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Writing Help
June 16, 2012
7:56 pm
Canada
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Im trying to write another story, but now iv started to introduce my characters alter-ego but when I write about him how should I do it? Should I keep using his name like this "Kyle said…." or should I go with his alter-ego name instead. I want them to be the same person but keep them sperated to the point that the reader doesnt get confused of who im talking about. What do you guys think?

"All it takes is one bad day to reduce the sanest man alive to lunacy. That's how far the world is from where I am. Just one bad day. You had a bad day once. Am I right? I know I am. I can tell. You had a bad day and everything changed. Why else would you dress up like a flying rat?"
June 16, 2012
8:49 pm
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I'm trying to remember what I've read in other superhero-based novels (an undersold market in my opinion). And honestly, I think a few of them have used the alter-ego name when the character is in that guise. As long as you firmly establish that the character and his alter-ego are the same person within your writing, it should be fine.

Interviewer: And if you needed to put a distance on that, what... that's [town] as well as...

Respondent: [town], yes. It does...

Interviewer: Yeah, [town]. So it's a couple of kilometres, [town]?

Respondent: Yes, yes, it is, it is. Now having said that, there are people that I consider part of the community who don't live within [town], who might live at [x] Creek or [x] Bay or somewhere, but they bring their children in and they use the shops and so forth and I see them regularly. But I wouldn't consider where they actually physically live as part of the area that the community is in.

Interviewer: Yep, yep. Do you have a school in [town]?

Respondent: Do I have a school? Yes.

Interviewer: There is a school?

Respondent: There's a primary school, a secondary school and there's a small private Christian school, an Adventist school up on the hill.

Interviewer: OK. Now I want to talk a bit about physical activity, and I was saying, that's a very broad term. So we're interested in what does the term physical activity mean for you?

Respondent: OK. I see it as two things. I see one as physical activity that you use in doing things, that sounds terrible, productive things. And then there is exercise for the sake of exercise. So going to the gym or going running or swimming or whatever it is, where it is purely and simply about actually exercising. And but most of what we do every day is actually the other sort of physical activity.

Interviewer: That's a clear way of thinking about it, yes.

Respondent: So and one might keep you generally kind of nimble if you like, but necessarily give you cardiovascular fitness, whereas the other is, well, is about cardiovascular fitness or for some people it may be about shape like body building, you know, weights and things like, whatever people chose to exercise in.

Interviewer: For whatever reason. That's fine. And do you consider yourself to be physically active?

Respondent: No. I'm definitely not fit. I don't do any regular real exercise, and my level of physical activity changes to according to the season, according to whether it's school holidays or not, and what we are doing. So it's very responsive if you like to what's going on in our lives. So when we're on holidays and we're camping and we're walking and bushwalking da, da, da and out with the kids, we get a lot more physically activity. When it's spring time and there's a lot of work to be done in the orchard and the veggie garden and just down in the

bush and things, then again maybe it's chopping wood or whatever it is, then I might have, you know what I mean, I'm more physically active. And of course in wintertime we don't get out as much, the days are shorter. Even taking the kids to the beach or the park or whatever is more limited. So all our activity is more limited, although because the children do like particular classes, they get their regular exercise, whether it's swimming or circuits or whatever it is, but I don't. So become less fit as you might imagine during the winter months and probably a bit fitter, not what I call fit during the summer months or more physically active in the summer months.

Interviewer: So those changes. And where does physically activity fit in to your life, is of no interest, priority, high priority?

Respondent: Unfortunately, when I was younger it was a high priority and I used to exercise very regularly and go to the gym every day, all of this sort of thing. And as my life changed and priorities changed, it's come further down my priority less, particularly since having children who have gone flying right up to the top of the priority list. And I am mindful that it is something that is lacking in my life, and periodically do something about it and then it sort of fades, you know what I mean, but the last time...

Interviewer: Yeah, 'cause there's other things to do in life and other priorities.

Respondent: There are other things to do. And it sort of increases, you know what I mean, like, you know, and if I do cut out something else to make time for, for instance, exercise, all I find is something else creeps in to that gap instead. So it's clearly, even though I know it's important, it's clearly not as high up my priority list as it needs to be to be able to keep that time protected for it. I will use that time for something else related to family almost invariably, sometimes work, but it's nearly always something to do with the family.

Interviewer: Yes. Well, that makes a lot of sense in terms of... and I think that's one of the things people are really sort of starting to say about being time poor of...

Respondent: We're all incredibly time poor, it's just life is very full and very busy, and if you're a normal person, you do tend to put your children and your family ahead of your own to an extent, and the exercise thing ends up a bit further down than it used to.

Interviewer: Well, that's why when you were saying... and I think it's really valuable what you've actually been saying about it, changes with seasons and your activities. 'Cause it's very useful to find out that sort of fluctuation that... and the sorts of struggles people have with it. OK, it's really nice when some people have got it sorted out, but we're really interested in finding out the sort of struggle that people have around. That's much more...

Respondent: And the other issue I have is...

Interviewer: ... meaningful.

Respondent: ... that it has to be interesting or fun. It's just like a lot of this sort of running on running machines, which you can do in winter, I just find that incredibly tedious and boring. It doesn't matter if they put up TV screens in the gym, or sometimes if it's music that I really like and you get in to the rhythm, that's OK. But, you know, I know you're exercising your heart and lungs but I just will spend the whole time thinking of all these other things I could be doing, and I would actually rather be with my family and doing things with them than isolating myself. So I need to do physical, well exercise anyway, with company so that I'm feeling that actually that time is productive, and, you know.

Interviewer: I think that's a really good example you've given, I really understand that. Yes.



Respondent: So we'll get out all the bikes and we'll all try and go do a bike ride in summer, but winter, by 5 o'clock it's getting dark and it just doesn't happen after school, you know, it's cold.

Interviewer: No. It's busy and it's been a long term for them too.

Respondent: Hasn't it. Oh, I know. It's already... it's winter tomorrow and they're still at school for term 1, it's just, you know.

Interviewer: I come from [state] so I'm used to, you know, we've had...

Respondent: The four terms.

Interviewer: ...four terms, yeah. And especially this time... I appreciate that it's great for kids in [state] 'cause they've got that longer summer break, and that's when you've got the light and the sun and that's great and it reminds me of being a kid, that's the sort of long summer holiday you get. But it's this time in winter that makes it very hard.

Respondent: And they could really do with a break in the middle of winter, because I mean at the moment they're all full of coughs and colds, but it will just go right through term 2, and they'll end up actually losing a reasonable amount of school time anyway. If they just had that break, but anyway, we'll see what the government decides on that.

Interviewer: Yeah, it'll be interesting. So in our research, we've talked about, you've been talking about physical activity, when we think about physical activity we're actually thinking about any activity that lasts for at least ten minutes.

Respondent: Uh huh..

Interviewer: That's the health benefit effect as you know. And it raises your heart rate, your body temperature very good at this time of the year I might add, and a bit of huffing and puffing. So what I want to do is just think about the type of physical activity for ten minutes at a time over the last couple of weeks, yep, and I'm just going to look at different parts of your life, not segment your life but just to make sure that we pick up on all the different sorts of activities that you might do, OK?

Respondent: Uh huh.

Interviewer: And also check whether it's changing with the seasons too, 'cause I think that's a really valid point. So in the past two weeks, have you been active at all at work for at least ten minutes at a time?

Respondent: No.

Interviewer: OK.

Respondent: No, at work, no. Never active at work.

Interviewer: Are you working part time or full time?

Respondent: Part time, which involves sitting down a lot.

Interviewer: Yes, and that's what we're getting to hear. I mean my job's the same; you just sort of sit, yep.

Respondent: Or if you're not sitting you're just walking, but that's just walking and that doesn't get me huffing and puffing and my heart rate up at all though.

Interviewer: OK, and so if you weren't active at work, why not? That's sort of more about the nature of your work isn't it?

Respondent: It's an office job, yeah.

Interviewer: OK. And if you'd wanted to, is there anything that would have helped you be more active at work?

And then I said, "Oatmeal? Are you crazy?"
June 16, 2012
9:03 pm
Canada
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Yeah thats what I wanted to do, otherwise I think the alter-ego name gets under used. Ill try it and see how it works out. So far its only one hero character so its not hard to establish.

"All it takes is one bad day to reduce the sanest man alive to lunacy. That's how far the world is from where I am. Just one bad day. You had a bad day once. Am I right? I know I am. I can tell. You had a bad day and everything changed. Why else would you dress up like a flying rat?"
June 16, 2012
9:22 pm
I'm in here somewhere.
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To prevent the alter-ego's name being under-used, one convention you'll find freq is to have him internally bemoan the problems of swapping identities. Another you'll find is having other chars calling him by the correct name -- "CLARK?!"